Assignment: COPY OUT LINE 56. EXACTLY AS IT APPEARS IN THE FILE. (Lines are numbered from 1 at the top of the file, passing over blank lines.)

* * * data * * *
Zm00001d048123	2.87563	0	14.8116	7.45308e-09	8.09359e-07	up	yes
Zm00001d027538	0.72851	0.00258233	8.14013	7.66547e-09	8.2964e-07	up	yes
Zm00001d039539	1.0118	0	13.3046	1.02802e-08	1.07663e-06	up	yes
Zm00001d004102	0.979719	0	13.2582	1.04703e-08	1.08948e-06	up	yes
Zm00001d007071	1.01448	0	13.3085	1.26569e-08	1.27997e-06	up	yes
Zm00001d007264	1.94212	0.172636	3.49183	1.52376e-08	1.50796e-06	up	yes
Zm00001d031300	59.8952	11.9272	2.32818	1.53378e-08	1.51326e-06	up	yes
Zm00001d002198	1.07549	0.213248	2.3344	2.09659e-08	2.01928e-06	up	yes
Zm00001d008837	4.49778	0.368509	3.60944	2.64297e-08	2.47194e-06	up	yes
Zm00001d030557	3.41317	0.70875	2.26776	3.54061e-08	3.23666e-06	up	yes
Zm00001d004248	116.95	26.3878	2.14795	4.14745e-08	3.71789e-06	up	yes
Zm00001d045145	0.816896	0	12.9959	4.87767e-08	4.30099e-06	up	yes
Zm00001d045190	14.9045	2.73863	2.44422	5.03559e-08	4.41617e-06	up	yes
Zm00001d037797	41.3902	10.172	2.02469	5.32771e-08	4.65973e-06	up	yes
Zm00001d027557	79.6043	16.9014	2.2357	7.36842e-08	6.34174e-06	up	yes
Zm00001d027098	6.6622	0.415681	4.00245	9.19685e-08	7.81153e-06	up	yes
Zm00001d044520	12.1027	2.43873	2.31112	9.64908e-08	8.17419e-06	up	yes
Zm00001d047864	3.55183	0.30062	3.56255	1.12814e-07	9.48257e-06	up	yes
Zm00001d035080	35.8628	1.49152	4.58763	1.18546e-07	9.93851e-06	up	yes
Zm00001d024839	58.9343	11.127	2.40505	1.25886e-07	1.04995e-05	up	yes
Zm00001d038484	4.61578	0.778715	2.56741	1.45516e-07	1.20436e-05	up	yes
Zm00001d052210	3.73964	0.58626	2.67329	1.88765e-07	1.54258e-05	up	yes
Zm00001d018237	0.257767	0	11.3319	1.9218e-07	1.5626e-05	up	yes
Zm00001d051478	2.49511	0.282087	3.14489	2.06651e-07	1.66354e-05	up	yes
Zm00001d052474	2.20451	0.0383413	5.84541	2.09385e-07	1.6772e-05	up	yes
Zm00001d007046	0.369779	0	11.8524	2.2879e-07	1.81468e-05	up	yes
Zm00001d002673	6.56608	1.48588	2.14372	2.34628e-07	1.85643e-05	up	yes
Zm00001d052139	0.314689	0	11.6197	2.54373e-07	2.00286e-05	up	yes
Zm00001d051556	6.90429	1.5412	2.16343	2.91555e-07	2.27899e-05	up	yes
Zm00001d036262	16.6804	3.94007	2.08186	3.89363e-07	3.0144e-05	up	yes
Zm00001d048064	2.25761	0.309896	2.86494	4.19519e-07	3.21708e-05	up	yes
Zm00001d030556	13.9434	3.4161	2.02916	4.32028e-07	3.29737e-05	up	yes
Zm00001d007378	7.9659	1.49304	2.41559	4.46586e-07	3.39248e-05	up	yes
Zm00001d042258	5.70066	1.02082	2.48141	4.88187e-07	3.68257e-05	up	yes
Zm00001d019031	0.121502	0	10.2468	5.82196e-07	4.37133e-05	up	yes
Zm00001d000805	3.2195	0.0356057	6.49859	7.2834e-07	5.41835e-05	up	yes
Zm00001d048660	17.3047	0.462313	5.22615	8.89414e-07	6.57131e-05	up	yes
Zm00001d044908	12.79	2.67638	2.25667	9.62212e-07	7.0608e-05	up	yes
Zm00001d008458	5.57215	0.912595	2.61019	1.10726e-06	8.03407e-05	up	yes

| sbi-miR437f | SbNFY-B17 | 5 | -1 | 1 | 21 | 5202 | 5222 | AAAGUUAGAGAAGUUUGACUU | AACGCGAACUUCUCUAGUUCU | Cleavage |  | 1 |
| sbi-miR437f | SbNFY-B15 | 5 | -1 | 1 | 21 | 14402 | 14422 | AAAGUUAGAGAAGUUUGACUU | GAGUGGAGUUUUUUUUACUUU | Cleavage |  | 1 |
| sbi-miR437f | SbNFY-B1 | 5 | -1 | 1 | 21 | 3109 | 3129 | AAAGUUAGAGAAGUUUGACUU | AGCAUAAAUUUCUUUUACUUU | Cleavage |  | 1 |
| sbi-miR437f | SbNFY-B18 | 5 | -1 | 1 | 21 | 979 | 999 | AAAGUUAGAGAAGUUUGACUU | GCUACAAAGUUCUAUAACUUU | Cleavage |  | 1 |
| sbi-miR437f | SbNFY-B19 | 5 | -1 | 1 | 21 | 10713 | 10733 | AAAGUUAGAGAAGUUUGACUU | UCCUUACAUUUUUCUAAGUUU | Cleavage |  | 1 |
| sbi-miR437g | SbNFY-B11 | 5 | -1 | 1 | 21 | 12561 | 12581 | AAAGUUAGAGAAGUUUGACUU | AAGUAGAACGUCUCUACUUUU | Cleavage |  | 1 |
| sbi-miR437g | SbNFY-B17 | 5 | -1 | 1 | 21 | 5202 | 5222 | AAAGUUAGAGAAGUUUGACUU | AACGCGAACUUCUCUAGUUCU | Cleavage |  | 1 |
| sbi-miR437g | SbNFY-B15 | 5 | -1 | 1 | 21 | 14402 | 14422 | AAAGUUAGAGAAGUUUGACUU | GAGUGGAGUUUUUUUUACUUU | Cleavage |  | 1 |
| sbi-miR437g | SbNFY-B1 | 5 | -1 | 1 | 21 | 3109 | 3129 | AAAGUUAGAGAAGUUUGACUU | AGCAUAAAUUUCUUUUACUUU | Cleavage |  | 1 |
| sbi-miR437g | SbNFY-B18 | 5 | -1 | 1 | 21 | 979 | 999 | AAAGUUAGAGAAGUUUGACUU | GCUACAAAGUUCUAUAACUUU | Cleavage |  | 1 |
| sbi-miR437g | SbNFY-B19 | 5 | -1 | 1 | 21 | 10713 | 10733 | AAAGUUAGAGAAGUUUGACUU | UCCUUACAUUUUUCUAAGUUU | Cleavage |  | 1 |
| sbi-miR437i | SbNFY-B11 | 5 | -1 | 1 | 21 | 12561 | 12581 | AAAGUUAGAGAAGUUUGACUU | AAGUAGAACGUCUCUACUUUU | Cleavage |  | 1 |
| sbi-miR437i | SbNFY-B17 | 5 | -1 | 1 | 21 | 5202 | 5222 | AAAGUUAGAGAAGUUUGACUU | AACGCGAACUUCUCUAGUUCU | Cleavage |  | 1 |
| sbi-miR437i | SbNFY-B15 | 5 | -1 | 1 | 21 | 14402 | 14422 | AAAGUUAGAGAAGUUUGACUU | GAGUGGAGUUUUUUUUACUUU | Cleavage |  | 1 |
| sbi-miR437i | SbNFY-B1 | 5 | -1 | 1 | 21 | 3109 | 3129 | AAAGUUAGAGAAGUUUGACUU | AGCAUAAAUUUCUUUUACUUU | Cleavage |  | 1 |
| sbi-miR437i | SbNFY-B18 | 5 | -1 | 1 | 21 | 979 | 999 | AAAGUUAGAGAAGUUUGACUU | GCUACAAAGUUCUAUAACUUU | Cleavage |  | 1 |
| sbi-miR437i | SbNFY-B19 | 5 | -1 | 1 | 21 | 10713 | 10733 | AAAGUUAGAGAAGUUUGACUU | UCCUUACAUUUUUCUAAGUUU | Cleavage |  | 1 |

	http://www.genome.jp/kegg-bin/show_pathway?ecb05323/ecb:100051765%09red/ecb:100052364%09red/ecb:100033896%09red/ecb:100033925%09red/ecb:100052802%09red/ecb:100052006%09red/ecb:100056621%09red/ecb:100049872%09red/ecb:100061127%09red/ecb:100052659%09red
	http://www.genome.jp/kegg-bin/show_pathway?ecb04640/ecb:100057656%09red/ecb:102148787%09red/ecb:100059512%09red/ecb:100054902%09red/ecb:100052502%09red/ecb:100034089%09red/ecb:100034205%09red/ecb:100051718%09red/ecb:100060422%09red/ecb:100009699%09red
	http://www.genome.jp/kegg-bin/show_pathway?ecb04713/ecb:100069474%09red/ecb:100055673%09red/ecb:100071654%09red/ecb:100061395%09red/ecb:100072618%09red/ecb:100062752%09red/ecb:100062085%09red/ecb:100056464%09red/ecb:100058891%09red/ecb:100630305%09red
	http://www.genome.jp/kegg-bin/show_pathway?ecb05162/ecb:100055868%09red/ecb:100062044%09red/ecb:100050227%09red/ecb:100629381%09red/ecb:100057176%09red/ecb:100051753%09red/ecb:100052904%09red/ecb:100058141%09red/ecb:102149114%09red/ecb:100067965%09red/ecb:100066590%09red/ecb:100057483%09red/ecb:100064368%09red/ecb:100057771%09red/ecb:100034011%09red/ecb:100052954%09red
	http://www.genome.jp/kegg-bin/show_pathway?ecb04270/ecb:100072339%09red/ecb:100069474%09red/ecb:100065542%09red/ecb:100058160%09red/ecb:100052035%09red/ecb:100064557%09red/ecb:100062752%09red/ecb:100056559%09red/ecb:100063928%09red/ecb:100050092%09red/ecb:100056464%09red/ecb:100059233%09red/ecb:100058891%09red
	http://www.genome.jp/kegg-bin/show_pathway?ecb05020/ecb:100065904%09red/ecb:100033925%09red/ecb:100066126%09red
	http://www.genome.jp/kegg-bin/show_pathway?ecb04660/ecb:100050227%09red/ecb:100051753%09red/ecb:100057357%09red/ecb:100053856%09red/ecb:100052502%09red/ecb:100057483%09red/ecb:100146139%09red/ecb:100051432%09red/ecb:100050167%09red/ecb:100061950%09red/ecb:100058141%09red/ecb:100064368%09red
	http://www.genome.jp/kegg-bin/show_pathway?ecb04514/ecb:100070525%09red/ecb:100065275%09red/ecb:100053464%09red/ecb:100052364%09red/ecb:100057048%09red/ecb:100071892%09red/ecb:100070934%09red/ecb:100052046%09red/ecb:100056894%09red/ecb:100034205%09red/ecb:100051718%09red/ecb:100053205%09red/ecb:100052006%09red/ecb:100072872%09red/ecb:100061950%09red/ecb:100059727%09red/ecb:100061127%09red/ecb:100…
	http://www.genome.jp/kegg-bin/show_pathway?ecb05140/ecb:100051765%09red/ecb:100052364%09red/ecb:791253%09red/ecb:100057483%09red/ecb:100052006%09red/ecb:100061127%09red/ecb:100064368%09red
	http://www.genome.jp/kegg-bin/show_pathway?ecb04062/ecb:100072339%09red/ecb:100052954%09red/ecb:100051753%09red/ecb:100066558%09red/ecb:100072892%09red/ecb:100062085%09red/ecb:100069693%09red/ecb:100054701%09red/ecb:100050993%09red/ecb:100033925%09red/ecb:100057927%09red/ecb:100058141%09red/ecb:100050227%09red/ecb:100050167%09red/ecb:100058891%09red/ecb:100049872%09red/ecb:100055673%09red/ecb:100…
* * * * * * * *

| sbi-miR437i | SbNFY-B19 | 5 | -1 | 1 | 21 | 10713 | 10733 | AAAGUUAGAGAAGUUUGACUU | UCCUUACAUUUUUCUAAGUUU | Cleavage |  | 1 |